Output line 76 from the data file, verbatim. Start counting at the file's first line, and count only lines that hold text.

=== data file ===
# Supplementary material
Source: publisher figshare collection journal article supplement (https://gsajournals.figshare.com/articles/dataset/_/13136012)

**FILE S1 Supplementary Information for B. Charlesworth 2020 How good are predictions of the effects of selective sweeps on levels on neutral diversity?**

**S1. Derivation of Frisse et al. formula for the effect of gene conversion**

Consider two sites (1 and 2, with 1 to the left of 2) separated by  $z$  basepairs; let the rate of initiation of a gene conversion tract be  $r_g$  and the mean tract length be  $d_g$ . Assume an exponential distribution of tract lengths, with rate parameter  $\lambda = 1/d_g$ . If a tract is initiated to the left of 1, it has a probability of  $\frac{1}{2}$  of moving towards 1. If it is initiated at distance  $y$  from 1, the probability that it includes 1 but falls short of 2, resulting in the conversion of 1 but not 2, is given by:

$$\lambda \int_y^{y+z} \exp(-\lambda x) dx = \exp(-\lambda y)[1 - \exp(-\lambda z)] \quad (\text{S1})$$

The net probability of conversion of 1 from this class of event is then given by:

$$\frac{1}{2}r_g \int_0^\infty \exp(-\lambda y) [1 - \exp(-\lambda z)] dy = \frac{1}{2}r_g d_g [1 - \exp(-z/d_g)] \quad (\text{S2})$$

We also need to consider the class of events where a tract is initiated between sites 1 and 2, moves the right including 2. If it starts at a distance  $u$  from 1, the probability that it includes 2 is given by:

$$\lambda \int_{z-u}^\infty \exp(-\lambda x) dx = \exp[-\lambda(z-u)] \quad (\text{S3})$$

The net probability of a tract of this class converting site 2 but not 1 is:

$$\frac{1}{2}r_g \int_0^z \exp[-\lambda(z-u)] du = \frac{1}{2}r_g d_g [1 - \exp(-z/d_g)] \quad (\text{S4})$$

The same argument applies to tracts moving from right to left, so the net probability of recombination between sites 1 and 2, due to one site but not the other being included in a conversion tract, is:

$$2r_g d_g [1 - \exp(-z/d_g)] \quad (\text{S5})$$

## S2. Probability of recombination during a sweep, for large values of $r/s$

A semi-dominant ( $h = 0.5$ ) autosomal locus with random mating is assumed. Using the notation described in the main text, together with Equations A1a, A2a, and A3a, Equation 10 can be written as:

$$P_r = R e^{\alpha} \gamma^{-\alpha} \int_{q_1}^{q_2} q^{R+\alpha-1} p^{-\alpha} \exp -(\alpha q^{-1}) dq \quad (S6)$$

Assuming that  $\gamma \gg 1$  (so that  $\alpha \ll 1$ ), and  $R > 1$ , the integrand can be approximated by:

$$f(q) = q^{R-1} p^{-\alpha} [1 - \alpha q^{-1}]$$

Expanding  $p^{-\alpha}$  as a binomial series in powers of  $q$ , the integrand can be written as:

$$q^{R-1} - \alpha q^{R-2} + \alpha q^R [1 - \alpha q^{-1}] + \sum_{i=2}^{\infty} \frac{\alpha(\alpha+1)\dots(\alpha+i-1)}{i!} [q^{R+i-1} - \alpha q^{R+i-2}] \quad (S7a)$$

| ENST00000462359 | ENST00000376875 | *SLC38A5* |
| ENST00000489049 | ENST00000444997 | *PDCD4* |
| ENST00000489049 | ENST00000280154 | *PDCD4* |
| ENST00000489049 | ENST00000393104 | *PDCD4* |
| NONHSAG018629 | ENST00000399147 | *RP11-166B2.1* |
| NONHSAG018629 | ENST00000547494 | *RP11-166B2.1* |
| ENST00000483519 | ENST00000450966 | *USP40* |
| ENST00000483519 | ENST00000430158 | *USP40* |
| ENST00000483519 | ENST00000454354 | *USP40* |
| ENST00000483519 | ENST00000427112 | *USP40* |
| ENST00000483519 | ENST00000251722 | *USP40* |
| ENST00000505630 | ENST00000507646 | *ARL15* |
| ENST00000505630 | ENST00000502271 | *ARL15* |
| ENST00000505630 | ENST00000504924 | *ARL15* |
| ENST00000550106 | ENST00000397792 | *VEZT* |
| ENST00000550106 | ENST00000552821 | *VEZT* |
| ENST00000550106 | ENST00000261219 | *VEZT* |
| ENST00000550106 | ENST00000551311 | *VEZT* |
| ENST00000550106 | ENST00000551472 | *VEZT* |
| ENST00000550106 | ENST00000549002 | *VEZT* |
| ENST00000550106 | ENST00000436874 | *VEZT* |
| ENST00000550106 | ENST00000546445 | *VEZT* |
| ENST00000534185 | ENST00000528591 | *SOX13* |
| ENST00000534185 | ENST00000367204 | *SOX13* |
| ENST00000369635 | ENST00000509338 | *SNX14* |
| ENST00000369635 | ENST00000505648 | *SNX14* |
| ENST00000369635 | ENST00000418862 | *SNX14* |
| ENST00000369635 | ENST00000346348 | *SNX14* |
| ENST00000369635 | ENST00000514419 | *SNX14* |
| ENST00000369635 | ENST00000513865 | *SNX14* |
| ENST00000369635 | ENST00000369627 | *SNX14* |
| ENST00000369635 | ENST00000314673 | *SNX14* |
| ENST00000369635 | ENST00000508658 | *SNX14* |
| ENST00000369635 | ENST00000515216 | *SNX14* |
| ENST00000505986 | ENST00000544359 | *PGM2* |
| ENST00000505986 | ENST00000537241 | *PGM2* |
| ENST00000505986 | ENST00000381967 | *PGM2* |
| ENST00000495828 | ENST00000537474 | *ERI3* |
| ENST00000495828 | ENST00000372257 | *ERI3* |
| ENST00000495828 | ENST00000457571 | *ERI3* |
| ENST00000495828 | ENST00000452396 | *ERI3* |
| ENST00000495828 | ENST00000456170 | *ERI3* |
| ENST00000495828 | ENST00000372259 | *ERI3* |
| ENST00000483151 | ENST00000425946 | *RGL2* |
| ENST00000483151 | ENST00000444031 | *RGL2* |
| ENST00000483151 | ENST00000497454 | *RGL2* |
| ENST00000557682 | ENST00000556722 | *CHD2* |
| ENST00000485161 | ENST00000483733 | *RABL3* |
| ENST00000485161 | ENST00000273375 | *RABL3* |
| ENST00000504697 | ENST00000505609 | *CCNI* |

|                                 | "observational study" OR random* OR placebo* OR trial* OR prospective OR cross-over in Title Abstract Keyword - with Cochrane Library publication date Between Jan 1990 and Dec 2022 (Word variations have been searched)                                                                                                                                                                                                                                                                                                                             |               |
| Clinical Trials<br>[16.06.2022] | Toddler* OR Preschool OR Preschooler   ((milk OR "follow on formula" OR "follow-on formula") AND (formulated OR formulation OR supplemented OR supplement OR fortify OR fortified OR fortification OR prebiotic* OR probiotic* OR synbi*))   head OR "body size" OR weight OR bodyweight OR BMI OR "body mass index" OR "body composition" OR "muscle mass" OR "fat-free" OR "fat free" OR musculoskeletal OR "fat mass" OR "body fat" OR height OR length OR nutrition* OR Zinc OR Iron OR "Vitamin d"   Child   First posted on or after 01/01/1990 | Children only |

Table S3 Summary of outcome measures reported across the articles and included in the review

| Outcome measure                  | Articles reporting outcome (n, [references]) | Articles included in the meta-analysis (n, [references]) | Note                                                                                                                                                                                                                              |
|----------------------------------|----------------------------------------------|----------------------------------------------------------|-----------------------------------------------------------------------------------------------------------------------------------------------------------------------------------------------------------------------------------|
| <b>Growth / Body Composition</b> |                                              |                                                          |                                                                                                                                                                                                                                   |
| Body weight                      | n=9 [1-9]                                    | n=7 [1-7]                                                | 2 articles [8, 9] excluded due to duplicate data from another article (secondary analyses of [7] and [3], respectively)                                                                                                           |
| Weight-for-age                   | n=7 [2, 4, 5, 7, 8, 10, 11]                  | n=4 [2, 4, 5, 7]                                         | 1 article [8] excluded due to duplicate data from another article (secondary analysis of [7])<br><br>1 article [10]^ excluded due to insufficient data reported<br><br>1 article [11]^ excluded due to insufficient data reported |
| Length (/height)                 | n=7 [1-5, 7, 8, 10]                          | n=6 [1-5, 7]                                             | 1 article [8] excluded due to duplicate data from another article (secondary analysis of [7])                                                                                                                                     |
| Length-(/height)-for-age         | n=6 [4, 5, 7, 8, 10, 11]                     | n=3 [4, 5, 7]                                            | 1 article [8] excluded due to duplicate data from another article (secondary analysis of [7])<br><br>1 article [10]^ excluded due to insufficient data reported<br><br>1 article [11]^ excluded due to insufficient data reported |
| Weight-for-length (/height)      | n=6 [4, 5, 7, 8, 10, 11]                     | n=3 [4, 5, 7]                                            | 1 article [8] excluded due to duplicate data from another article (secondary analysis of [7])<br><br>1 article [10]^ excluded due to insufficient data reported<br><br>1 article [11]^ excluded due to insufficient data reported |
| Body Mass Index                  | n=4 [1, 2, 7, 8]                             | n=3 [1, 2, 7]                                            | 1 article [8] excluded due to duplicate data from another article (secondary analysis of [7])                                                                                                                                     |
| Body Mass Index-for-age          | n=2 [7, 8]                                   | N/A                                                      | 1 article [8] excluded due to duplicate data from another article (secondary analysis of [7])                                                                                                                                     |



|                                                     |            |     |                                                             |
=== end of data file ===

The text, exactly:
|----------------------------------|----------------------------------------------|----------------------------------------------------------|-----------------------------------------------------------------------------------------------------------------------------------------------------------------------------------------------------------------------------------|